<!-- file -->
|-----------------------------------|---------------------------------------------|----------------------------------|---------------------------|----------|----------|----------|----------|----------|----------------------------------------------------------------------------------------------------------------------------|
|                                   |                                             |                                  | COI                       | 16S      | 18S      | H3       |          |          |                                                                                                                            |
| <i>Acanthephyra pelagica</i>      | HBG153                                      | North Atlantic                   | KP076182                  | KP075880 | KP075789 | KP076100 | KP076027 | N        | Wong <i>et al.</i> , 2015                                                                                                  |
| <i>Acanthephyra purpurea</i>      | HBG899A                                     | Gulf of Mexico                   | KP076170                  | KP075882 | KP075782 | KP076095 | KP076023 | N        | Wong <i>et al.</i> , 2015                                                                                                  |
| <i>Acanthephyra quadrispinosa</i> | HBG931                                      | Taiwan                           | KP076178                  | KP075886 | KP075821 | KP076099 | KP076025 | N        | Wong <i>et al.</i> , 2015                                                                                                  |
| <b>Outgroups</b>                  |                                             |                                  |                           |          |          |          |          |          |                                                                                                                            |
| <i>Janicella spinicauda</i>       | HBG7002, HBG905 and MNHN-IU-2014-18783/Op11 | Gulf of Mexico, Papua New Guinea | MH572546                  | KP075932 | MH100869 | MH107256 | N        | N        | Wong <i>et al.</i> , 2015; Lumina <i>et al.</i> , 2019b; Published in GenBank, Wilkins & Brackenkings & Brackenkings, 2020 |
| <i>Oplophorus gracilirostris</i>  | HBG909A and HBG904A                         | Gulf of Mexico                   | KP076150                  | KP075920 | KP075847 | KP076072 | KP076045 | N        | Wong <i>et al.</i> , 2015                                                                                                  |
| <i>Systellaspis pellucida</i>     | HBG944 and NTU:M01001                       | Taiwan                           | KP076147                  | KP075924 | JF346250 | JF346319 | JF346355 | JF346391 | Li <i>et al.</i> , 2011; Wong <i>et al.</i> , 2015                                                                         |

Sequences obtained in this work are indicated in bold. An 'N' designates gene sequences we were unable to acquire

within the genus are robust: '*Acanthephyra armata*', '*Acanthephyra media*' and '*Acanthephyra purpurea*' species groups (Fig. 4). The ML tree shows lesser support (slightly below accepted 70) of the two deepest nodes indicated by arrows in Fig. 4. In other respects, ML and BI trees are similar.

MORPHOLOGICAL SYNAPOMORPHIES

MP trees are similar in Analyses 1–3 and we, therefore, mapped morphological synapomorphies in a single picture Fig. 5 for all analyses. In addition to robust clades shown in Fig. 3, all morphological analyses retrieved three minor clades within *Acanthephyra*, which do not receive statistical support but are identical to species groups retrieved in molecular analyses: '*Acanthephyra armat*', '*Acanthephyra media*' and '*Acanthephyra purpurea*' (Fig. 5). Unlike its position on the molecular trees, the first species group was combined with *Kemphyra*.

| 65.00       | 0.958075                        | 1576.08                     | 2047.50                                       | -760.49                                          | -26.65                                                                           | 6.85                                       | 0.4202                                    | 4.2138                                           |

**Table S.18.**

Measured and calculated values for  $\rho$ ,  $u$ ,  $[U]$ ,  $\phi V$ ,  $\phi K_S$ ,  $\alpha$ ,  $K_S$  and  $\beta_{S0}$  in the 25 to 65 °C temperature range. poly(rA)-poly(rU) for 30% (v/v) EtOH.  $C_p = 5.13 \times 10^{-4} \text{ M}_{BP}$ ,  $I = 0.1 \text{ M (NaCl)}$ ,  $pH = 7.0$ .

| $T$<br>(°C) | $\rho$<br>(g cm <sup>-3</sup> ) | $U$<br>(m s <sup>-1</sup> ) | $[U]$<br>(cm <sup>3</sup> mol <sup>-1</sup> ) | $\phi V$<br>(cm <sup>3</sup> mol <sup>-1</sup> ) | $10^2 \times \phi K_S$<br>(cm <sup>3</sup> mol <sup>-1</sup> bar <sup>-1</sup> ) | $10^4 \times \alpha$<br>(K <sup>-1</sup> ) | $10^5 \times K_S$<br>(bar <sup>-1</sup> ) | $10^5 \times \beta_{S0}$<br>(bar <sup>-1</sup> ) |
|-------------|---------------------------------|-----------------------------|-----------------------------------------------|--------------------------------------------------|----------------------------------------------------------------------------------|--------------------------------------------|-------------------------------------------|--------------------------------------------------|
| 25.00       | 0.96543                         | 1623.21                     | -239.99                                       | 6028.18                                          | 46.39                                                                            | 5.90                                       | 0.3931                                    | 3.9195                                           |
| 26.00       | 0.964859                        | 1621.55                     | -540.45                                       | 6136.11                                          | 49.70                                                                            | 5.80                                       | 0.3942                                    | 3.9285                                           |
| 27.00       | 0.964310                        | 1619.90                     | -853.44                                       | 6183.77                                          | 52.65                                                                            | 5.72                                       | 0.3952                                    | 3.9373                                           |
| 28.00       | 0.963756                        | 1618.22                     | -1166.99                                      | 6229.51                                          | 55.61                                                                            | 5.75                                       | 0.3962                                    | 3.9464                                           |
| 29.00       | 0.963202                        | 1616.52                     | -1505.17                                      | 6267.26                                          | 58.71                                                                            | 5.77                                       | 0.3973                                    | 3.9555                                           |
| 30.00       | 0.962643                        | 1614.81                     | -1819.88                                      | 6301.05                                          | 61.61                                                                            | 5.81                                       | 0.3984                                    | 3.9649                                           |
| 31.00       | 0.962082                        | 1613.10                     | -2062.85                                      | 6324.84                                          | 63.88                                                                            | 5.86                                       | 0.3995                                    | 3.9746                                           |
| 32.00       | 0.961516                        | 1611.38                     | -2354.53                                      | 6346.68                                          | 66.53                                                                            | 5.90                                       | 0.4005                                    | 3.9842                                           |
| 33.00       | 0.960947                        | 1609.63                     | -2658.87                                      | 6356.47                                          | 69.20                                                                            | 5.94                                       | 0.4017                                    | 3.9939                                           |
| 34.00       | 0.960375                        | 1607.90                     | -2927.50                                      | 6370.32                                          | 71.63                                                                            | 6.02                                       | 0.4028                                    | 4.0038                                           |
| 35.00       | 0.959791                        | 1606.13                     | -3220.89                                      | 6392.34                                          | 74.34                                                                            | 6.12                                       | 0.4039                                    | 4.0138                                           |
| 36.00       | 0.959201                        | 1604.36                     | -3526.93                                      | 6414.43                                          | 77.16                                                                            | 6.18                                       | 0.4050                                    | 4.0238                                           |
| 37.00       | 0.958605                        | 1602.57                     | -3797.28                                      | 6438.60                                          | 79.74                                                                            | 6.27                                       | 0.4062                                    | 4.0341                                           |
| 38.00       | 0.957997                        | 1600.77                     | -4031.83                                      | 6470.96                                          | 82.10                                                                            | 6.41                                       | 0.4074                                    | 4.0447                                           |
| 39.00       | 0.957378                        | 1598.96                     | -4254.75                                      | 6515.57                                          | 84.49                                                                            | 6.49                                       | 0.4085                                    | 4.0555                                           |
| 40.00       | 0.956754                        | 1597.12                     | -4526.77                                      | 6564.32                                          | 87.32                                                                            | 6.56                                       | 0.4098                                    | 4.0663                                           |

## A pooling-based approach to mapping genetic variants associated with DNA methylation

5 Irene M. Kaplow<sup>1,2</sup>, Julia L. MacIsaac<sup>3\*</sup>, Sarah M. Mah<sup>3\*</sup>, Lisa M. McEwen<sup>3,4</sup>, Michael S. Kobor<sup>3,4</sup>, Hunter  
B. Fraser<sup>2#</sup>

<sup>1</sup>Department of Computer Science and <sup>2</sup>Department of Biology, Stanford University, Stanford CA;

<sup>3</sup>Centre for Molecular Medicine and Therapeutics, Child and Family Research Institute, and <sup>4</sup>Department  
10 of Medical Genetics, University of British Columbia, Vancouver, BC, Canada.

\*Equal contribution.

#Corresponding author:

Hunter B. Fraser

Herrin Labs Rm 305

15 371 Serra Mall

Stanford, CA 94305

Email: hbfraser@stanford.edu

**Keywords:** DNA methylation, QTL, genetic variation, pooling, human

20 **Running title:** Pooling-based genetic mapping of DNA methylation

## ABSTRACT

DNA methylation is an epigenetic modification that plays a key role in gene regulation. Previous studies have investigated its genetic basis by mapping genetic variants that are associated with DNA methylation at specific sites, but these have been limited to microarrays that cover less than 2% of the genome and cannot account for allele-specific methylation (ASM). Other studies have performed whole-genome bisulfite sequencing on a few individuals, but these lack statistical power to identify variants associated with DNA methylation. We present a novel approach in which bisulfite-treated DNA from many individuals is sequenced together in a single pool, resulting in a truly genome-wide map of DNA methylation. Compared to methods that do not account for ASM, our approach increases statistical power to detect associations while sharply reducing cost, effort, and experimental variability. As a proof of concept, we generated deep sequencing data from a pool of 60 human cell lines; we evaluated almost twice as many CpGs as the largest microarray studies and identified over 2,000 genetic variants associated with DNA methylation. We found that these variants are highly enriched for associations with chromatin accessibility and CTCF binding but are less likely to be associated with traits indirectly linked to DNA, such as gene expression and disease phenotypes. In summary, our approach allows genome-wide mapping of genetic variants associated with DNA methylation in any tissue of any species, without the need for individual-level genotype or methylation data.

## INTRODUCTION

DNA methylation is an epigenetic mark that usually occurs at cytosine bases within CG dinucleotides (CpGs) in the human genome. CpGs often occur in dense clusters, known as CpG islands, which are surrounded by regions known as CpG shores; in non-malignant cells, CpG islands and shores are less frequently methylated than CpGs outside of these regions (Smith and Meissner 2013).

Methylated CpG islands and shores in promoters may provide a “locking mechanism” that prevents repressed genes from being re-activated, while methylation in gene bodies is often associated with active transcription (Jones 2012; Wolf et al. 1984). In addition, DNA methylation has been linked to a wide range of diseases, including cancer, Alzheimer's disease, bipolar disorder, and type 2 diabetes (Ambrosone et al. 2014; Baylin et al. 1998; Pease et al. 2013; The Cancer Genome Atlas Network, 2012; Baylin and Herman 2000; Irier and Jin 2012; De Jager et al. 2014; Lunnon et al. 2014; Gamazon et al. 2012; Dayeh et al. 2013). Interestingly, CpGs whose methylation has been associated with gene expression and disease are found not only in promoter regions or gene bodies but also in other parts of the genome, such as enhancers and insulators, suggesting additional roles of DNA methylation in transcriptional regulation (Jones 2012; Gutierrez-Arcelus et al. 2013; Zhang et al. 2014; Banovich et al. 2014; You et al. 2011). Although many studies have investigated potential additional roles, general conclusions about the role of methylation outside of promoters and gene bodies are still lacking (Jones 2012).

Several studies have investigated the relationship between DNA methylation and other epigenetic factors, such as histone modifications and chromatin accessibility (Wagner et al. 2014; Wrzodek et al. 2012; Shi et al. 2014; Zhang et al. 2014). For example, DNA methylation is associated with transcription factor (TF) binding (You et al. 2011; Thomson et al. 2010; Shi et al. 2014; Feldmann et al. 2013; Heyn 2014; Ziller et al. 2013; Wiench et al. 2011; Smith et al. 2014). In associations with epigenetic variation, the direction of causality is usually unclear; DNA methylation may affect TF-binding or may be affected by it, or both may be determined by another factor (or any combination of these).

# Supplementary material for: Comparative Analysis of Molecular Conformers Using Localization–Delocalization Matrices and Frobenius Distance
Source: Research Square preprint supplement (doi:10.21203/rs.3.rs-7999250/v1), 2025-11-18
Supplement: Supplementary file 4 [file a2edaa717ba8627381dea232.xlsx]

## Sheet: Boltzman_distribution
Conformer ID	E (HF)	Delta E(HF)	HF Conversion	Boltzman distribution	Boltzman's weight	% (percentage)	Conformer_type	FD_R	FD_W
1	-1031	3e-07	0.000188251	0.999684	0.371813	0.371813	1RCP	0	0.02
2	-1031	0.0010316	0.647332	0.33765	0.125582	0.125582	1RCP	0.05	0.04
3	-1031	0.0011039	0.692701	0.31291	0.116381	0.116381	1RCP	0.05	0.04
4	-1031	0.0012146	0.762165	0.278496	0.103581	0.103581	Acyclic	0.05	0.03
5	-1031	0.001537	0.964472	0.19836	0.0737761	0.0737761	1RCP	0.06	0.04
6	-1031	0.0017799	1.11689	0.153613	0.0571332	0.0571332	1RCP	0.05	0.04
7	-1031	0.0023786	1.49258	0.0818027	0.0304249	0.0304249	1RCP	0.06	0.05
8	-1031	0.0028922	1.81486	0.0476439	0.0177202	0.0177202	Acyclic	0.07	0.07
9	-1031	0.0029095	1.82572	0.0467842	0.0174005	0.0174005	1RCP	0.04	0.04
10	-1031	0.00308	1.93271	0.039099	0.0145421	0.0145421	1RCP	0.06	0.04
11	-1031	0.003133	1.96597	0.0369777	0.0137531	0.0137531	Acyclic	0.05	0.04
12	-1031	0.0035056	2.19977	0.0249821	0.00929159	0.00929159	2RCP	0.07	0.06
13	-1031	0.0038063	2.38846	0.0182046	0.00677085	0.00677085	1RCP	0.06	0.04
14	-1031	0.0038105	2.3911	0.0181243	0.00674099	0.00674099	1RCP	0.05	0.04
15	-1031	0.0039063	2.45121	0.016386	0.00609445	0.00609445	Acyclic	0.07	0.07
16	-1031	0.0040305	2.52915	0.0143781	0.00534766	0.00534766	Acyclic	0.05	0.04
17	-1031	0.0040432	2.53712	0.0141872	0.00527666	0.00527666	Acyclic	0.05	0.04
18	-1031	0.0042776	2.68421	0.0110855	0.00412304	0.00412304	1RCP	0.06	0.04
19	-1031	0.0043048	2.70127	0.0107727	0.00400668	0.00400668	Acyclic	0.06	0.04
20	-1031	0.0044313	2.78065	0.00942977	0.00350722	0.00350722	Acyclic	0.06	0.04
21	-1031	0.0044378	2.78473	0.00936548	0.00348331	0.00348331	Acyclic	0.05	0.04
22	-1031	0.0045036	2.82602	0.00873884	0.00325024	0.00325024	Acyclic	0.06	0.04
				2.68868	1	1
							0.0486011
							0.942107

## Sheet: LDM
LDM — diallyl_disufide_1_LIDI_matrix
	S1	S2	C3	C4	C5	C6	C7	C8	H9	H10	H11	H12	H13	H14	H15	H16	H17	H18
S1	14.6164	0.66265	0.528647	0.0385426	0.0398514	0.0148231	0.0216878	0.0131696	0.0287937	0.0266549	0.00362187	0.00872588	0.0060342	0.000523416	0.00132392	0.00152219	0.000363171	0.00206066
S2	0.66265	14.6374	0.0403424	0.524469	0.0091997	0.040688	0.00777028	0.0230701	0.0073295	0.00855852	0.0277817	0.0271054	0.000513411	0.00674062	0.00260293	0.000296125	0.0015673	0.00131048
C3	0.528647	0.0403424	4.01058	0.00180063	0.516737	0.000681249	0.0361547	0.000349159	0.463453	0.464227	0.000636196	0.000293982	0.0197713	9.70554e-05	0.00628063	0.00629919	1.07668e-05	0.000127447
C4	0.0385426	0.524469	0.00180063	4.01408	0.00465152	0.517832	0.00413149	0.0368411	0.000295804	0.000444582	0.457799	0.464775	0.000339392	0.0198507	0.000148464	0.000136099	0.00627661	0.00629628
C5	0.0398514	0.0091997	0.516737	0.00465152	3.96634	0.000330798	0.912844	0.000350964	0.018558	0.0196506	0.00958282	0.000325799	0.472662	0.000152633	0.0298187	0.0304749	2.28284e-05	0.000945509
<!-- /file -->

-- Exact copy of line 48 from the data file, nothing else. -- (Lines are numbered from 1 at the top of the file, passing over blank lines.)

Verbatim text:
**Keywords:** DNA methylation, QTL, genetic variation, pooling, human